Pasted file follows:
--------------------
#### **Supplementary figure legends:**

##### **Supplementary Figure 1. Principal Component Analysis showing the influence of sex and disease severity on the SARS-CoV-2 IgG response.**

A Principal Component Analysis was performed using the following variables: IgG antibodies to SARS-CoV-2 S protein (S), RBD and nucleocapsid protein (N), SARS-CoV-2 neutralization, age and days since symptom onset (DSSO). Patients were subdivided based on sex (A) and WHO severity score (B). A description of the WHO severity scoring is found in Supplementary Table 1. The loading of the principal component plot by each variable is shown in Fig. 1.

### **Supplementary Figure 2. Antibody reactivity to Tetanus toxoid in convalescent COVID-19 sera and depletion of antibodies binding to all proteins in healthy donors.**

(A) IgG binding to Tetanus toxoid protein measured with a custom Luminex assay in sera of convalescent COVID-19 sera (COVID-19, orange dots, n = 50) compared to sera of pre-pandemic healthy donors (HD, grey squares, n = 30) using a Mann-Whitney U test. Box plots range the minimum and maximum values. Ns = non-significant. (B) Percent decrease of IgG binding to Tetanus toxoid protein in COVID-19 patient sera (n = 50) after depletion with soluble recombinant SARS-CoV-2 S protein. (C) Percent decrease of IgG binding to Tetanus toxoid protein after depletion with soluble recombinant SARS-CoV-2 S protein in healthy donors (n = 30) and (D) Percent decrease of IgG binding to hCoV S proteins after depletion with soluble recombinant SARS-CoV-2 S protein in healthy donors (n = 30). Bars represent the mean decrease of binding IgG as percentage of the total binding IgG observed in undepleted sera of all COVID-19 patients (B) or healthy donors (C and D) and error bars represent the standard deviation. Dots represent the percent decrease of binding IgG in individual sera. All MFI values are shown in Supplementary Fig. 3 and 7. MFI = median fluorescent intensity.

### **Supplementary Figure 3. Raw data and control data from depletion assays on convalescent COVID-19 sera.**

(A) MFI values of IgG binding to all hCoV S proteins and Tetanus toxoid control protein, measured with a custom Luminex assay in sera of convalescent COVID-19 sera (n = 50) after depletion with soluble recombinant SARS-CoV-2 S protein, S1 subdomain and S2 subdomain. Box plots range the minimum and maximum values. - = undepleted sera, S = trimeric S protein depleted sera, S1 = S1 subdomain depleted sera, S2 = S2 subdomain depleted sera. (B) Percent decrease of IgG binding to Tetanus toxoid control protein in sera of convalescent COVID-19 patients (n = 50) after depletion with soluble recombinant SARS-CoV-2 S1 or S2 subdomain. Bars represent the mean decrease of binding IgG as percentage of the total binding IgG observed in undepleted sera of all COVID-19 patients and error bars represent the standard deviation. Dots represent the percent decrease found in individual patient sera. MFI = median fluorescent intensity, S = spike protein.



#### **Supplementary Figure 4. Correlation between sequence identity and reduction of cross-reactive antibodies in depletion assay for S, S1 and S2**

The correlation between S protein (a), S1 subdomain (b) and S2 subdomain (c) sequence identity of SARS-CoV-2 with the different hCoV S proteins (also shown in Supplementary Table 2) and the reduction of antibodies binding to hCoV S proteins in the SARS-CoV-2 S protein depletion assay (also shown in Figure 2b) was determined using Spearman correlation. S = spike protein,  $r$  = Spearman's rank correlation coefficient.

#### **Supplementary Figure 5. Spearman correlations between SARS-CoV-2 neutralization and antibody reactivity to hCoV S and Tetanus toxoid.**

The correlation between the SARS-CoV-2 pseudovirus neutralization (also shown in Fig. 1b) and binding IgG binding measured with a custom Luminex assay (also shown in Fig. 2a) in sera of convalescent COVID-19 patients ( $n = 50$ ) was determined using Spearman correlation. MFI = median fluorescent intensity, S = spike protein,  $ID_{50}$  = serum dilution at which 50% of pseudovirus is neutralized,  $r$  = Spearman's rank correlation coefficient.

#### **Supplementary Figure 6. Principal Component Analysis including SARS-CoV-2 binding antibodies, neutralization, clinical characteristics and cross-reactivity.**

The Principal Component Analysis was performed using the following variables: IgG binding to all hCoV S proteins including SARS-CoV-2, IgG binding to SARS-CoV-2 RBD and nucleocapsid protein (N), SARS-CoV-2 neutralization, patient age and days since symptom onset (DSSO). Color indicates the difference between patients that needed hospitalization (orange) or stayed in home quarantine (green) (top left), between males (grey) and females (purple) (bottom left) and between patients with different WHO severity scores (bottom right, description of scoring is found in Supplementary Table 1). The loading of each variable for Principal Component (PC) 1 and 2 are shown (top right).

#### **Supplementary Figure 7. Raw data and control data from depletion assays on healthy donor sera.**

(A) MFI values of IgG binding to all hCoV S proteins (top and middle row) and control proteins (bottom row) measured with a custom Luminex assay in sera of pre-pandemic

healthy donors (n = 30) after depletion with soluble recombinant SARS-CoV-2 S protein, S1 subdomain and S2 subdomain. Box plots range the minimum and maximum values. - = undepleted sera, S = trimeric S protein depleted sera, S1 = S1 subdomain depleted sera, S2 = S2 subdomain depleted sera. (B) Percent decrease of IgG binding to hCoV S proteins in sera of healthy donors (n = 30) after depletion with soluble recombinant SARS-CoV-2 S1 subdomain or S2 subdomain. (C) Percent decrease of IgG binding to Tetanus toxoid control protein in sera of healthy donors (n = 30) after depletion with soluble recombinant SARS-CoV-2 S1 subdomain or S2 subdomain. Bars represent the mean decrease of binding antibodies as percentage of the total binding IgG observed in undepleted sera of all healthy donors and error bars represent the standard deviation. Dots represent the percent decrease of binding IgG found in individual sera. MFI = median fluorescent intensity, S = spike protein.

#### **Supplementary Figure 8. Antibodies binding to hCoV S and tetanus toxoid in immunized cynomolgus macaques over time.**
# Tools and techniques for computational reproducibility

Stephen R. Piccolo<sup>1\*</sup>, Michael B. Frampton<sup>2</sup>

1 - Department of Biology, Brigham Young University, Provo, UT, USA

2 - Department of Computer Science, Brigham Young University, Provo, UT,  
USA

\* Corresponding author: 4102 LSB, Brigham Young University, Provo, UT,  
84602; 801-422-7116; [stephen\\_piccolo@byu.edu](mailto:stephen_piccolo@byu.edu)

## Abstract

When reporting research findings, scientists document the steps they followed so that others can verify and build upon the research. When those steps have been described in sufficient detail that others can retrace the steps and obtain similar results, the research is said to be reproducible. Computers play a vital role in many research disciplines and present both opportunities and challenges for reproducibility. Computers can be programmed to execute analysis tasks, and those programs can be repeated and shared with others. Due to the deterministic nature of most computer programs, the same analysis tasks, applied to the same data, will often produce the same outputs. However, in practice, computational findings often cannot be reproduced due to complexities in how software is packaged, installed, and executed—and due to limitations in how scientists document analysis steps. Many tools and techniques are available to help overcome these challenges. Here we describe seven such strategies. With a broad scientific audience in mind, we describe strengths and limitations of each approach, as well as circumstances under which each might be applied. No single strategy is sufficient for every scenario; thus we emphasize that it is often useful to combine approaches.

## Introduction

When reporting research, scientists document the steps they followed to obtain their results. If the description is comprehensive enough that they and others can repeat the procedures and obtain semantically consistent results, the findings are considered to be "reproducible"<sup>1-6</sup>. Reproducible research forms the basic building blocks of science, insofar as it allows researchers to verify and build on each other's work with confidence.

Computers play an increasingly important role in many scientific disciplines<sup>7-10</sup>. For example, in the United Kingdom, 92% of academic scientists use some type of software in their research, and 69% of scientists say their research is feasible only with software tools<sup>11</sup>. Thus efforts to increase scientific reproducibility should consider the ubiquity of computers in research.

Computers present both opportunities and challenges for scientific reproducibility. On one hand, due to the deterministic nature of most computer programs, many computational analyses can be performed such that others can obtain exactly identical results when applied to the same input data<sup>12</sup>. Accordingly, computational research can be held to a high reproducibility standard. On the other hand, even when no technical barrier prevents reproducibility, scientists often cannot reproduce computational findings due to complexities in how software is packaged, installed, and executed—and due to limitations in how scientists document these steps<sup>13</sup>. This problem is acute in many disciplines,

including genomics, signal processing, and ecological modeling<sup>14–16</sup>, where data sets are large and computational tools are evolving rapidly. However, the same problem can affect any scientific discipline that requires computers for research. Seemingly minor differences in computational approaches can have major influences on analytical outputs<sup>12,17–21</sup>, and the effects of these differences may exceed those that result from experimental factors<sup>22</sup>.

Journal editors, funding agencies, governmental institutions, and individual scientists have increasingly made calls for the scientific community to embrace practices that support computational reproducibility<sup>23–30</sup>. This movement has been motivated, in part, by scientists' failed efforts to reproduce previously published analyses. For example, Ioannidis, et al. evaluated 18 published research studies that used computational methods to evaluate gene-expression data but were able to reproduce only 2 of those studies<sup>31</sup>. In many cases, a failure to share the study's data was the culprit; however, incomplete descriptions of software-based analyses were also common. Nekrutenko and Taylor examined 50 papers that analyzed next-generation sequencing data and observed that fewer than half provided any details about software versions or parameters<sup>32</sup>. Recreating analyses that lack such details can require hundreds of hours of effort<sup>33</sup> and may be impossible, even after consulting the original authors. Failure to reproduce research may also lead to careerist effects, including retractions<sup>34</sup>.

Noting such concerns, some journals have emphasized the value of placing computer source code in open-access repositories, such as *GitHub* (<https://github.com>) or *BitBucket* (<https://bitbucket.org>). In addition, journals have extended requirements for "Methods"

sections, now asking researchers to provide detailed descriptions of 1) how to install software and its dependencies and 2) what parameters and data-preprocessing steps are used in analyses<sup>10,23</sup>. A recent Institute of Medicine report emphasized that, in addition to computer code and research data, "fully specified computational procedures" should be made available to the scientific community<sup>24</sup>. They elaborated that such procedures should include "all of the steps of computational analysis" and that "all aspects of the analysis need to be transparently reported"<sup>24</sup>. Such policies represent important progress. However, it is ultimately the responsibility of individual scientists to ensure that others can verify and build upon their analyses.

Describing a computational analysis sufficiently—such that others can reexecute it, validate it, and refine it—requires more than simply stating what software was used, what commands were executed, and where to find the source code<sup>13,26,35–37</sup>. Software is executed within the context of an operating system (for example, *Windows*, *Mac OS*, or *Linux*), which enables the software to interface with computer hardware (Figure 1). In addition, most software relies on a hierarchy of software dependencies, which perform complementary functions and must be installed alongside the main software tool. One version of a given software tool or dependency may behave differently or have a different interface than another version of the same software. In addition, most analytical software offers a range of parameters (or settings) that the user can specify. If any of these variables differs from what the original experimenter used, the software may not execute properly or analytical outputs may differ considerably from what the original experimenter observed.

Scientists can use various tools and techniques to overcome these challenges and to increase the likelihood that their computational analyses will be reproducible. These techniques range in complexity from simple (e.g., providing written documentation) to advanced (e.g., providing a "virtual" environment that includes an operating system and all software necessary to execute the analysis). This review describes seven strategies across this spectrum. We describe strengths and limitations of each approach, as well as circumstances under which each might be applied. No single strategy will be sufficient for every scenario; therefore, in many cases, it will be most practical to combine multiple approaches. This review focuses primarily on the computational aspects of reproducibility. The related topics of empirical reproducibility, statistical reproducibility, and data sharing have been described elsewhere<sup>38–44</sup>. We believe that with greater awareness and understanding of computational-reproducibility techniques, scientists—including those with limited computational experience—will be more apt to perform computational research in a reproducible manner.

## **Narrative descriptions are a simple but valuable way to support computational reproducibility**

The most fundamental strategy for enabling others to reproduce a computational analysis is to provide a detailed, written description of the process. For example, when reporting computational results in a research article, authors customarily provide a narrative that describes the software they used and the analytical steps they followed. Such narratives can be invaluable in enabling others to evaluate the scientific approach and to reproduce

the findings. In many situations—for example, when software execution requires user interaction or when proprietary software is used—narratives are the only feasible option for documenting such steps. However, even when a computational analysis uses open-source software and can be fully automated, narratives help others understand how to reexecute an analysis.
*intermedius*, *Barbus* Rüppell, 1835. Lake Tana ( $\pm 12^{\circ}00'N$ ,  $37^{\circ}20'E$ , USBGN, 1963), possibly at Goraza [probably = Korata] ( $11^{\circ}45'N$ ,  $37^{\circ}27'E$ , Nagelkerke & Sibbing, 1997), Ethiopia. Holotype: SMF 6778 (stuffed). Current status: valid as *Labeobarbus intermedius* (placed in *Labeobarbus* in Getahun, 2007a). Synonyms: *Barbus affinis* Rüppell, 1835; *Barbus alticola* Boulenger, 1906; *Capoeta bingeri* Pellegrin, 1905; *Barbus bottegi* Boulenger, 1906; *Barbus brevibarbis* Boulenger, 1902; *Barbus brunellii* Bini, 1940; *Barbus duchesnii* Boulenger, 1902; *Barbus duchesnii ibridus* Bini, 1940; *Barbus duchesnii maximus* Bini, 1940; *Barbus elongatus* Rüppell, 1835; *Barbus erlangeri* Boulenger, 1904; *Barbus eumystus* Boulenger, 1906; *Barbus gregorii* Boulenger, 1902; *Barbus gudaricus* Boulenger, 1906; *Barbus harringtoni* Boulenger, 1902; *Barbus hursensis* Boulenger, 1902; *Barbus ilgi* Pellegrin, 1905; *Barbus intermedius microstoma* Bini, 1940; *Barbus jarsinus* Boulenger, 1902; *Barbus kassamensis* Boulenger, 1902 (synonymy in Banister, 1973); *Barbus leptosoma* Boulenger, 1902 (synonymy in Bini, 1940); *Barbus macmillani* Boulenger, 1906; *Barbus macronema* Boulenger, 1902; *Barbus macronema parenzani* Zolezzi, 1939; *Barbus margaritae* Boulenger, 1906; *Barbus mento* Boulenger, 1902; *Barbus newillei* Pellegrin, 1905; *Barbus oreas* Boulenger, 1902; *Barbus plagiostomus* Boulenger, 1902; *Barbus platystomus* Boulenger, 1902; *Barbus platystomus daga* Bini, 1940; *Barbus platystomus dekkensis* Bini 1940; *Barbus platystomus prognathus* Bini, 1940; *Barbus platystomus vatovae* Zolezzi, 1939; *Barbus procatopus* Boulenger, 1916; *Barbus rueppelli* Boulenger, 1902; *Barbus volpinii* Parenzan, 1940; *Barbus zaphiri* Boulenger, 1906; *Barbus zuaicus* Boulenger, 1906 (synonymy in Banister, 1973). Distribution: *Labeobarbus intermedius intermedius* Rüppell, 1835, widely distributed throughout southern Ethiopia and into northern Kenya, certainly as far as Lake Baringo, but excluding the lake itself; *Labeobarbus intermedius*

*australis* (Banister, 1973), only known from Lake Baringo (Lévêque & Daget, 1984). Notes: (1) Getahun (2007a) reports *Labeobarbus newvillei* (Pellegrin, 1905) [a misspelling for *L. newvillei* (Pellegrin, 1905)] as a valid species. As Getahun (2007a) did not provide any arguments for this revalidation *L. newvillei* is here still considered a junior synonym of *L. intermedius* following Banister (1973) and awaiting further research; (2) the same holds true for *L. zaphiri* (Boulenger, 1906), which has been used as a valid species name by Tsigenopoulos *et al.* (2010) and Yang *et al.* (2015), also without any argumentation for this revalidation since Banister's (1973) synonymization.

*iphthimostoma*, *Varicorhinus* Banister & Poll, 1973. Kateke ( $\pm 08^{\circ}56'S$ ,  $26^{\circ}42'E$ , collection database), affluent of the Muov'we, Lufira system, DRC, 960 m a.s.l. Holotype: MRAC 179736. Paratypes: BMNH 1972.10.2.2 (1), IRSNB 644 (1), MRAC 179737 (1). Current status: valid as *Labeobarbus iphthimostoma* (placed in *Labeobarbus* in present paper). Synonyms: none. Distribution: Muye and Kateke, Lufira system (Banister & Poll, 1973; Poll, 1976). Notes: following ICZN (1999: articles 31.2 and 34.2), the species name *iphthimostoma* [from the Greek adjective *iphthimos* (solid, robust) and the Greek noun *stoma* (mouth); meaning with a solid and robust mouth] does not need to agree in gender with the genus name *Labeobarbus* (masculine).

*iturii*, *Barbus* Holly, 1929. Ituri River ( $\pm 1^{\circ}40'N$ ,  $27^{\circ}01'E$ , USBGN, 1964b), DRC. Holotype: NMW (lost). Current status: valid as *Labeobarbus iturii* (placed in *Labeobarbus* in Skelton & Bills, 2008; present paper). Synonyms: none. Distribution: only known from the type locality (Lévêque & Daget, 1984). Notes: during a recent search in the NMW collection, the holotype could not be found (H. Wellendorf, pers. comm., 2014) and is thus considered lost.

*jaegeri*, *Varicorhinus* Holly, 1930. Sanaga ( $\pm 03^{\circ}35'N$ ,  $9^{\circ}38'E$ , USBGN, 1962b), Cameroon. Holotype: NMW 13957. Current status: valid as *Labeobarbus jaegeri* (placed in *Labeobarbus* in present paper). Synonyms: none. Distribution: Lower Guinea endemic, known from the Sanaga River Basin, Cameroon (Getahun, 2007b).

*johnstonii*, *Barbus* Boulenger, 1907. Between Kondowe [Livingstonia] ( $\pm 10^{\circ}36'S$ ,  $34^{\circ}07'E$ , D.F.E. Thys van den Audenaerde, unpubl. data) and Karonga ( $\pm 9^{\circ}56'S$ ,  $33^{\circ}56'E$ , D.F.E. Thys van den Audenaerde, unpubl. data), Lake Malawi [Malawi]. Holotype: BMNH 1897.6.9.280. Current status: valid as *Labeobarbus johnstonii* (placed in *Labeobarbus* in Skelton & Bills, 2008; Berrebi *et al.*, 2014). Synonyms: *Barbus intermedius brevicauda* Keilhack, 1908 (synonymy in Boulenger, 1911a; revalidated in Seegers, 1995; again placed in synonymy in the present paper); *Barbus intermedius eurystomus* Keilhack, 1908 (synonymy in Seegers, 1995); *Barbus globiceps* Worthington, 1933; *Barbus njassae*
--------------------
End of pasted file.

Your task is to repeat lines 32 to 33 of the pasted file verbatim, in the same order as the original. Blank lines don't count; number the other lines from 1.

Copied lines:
Journal editors, funding agencies, governmental institutions, and individual scientists have increasingly made calls for the scientific community to embrace practices that support computational reproducibility<sup>23–30</sup>. This movement has been motivated, in part, by scientists' failed efforts to reproduce previously published analyses. For example, Ioannidis, et al. evaluated 18 published research studies that used computational methods to evaluate gene-expression data but were able to reproduce only 2 of those studies<sup>31</sup>. In many cases, a failure to share the study's data was the culprit; however, incomplete descriptions of software-based analyses were also common. Nekrutenko and Taylor examined 50 papers that analyzed next-generation sequencing data and observed that fewer than half provided any details about software versions or parameters<sup>32</sup>. Recreating analyses that lack such details can require hundreds of hours of effort<sup>33</sup> and may be impossible, even after consulting the original authors. Failure to reproduce research may also lead to careerist effects, including retractions<sup>34</sup>.

Noting such concerns, some journals have emphasized the value of placing computer source code in open-access repositories, such as *GitHub* (<https://github.com>) or *BitBucket* (<https://bitbucket.org>). In addition, journals have extended requirements for "Methods"